Ensuring high-quality care in a changing health care field was the theme of a forum offered by the Topeka-based Kansas Foundation for Medical Care on Thursday.
The event drew about 150 health care professionals, administrators and support staff to the Wichita Marriott.
The foundation, which has been around for about 35 years, is a nonprofit organization that contracts with the state and Centers for Medicare and Medicaid Services and works with health care providers to improve the use of health information technology and quality of health care, according to its website.
This is the first time in three years the organization has held the quality forum, said Ken Mishler, president and CEO of the foundations.
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Recent contract changes with the government included a greater shift toward educating health care providers, Mishler said.
“This is our opportunity to spread what we’ve learned and introduce new ideas to a larger audience,” he said.
“The focus is of this meeting is to ask, ‘What can we do today? What can we instill into our individual providers that will improve the care we’re delivering in the future to prevent patient misadventures, and how can we improve health care?’ ”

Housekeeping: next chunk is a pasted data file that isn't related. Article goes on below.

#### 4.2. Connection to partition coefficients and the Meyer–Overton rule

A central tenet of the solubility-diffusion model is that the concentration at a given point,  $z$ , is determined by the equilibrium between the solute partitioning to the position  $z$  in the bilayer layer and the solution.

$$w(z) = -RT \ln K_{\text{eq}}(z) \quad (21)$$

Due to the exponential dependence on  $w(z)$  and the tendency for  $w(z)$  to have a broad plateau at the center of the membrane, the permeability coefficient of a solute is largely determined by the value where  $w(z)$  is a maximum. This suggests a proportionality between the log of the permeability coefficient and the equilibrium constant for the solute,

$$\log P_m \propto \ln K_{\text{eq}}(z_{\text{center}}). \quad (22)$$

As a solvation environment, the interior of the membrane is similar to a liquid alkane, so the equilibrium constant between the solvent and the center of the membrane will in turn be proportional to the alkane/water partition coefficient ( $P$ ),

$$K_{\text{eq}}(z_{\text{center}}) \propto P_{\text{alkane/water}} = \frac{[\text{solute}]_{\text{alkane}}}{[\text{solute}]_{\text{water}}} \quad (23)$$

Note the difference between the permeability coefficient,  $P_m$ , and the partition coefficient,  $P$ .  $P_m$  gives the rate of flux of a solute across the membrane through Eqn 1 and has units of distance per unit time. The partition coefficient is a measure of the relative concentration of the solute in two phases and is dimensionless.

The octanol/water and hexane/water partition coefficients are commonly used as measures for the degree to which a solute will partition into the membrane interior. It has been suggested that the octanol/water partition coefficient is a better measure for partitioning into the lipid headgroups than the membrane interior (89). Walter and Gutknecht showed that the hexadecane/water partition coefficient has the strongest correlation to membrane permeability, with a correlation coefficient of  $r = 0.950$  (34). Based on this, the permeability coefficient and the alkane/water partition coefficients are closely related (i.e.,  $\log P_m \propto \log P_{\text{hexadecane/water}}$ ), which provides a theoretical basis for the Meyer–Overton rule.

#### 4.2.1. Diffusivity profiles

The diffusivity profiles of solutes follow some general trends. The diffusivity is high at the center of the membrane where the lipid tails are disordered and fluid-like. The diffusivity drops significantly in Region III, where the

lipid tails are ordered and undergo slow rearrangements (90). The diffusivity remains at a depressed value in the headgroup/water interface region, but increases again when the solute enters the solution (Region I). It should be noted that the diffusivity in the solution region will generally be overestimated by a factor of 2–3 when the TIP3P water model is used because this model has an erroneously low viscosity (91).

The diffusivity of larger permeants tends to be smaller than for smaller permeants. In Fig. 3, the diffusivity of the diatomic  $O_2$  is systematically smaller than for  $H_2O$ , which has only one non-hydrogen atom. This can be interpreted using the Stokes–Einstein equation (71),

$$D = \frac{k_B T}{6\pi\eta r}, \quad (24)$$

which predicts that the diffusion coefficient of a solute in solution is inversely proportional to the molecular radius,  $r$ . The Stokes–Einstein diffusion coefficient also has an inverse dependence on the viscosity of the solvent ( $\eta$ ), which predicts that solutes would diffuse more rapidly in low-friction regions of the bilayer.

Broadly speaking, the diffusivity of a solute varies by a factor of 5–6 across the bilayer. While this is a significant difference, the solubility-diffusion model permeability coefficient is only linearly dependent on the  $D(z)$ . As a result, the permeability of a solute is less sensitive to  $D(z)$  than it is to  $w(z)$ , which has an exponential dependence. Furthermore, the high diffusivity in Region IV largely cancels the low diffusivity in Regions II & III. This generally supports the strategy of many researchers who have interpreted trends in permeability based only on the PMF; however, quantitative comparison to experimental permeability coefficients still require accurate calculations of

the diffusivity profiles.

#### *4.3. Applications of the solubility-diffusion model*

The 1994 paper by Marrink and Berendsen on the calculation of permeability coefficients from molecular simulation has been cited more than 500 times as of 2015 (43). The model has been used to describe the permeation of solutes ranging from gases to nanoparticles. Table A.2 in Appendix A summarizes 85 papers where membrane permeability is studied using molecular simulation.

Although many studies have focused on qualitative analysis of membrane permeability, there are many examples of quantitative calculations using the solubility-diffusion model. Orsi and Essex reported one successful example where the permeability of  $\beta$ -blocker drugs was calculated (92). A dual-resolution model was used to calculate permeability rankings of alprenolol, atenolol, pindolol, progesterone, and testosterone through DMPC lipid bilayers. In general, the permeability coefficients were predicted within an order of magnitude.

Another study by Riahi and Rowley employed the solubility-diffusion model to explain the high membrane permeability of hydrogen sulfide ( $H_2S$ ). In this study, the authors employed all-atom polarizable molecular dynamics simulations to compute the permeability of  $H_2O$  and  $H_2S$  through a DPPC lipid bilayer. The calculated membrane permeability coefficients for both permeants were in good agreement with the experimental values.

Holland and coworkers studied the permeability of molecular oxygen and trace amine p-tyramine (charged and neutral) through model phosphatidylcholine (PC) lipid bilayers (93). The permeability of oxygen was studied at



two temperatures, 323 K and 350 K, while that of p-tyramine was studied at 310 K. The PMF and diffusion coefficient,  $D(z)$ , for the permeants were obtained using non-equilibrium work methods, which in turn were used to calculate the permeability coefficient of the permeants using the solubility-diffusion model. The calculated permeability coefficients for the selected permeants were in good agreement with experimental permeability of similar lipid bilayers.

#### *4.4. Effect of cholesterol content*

Kansas Department of Health and Environment Secretary Robert Moser addressed the changing health care environment as the Affordable Care Act and other changes are being phased in.
Martie Ross, an attorney with Pershing Yoakley and Associates in Kansas City, discussed the new provider payment models for quality measures under the Affordable Care Act. She told attendees that as quality managers, they can help move their organization from the expense side to the profit side because the government is moving toward reimbursing providers based on the quality of care that they give instead of the quantity.
“When you start introducing programs like Value Based Purchasing and hospital readmission rates. you have moved from the expense side to the profit side,” Ross said.
“Now you become critical elements in the financial success in your organization because it’s your skill set and ability to work with the nursing staff and medical staff and administrators to affect policy change to monitor practices.”
Ross cited a recent study in the Journal of the American Medical Association that said hospitals make more money when there are surgical complications since they can bill Medicare for additional charges and readmissions.
“Our system rewards bad practices (But) the system is changing. Reimbursement will soon be driven by the fact that we cannot afford these complications,” she said.
Another speaker, Patricia Skolnik, founder and director of Citizens for Patient Safety, recounted the journey with their 22-year-old son who eventually died after what the family believes was an unnecessary brain surgery following a seizure.
Afternoon breakout sessions included talks on the use of antipsychotic medications, electronic health records and privacy and community engagement.